Religion and Environmental Stewardship Symposium: "Roll up our sleeves, there's work to be done."
Editor's note: Steve Blackmer is a May graduate of Yale Divinity School who also holds a degree from the Yale School of Forestry and Environmental Studies. Blackmer graduated from FES in 1983, then spent 30 years in forest conservation and rural community development from his home in New Hampshire before returning to Yale to earn a degree from YDS. The Summer Symposium was the opening event for Summer Study 2012, which featured a series of five-day courses over a two-week period, June 11-15 and 18-22.
With a ritual laying down of his necktie at the podium, John Grim set the tone for the Summer Symposium on Religion and Environmental Stewardship 2012 as he told the crowd of nearly 150 gathered in Marquand Chapel, "May this ritual action be a sign that we are rolling up our sleeves and getting to work."
Grim was one of the organizers of the symposium along with his wife Mary Evelyn Tucker. They are senior lecturers and senior research scholars with joint appointment at YDS and the School of Forestry and Environmental Studies (FES). The three-day symposium held June 5-7 was designed to bring together YDS and FES around critical environmental issues of climate change, toxicity, and biodiversity loss. The symposium brought together seminary faculty, students, lay leaders, and clergy from around the country to learn about current science, theology, ethics, and practices regarding the expanding global challenge to ecological well being.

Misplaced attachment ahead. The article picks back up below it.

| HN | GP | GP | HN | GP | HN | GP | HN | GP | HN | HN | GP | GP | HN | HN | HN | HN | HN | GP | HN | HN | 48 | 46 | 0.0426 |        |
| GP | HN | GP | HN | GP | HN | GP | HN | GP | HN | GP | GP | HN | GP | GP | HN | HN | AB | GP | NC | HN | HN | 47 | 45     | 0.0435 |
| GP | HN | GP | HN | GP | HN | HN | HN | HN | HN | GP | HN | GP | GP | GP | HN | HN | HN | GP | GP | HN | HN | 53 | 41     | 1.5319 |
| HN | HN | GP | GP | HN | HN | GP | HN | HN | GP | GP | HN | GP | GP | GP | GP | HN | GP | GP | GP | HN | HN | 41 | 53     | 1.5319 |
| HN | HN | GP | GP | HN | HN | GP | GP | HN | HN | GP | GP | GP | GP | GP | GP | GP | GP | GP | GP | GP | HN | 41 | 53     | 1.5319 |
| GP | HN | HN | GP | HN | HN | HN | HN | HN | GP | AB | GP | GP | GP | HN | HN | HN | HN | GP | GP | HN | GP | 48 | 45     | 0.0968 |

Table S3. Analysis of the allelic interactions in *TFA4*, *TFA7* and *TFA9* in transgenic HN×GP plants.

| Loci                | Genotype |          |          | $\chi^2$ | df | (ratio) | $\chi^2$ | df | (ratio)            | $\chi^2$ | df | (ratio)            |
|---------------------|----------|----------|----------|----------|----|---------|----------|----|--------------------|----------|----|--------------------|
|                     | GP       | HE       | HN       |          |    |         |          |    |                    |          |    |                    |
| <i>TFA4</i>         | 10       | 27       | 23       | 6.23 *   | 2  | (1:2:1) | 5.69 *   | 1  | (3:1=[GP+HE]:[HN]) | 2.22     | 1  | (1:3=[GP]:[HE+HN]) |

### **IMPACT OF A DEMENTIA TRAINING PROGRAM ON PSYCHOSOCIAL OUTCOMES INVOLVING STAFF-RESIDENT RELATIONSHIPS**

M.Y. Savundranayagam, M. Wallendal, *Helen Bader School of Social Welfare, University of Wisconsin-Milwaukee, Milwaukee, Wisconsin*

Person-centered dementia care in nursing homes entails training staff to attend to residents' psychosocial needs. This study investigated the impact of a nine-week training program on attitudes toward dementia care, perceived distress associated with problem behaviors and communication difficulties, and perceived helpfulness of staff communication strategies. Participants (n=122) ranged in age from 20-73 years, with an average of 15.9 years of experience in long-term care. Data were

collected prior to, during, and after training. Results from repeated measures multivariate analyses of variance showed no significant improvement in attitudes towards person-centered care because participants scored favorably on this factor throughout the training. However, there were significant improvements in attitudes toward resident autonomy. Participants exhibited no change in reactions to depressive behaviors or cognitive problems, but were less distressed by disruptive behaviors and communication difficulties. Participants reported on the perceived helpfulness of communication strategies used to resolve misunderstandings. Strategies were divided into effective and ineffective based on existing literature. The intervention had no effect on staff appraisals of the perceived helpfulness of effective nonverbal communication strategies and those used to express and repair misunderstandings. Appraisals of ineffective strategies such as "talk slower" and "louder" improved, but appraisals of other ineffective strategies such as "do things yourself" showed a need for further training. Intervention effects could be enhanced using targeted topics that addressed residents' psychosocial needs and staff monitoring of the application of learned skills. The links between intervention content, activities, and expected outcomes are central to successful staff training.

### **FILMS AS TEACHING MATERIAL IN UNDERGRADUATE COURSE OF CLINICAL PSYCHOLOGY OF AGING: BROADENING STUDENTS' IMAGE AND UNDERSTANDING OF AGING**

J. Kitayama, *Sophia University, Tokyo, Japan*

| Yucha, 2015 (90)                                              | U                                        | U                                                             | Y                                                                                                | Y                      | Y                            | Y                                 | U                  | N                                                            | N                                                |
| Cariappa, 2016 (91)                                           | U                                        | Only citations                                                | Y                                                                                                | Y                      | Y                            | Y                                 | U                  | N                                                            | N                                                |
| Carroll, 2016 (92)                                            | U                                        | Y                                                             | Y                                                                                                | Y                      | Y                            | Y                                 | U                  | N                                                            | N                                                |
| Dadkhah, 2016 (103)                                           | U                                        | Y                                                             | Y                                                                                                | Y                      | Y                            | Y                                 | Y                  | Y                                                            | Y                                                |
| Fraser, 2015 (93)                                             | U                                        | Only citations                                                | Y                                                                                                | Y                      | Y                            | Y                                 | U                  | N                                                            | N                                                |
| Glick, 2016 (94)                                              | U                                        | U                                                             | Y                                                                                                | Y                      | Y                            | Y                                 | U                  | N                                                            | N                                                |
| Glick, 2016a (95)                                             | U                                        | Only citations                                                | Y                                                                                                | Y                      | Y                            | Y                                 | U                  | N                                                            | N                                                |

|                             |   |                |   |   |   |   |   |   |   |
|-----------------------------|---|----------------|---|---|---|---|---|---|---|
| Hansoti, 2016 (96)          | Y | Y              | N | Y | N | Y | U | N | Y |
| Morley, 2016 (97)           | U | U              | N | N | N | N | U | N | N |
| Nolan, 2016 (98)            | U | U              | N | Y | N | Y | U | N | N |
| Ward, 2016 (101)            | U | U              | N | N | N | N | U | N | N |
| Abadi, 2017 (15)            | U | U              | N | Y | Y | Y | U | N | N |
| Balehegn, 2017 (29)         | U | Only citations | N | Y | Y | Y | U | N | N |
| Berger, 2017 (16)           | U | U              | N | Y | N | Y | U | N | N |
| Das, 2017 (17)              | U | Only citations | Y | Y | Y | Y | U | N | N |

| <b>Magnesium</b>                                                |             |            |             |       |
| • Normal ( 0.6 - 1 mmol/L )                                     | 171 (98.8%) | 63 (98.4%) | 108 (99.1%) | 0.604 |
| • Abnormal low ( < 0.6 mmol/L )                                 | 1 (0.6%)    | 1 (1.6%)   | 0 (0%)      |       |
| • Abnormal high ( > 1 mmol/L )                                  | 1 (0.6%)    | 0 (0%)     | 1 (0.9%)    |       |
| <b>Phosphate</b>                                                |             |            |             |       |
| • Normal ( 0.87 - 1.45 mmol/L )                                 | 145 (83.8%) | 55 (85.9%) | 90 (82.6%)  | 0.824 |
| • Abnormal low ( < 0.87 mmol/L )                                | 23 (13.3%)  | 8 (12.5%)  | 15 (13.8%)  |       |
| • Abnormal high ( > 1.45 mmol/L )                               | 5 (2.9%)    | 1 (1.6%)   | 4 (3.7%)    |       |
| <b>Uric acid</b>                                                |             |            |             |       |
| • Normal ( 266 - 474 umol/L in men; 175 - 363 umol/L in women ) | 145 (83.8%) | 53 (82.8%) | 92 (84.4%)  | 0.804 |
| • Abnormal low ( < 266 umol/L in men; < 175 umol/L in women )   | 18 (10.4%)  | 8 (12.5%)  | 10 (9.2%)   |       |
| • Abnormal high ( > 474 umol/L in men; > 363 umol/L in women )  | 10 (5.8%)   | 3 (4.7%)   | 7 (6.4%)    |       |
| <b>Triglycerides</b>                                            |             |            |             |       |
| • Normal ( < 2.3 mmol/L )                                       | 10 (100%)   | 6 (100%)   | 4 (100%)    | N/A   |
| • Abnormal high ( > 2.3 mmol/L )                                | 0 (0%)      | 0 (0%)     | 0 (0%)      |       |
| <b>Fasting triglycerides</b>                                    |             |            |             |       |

In his opening comments, Willis Jenkins, the Margaret A. Farley Assistant Professor of Social Ethics, invoked the namesake of his position to remind the gathering both to address the really big questions facing the Earth and at the same time to stay focused on the practical questions that everyday people have to deal with – a timely yet challenging reminder of the difficulty of responding individually to issues of global scale and complexity.
The symposium was established with support of the H. Boone and Violet M. Porter Chair in Religion and Environmental Stewardship Fund and co-sponsored by FES, Berkeley Divinity School at Yale, and the Forum on Religion and Ecology at Yale. Reflecting on behalf of the Porter family, the Rev. Nicholas Porter '86 B.A. '94 M.Div., a BDS graduate, noted that if the central question of science is how the universe works and the central question of theology is why it exists at all, a key issue for the symposium was to explore how science can make for better theology and how theology can make for better science.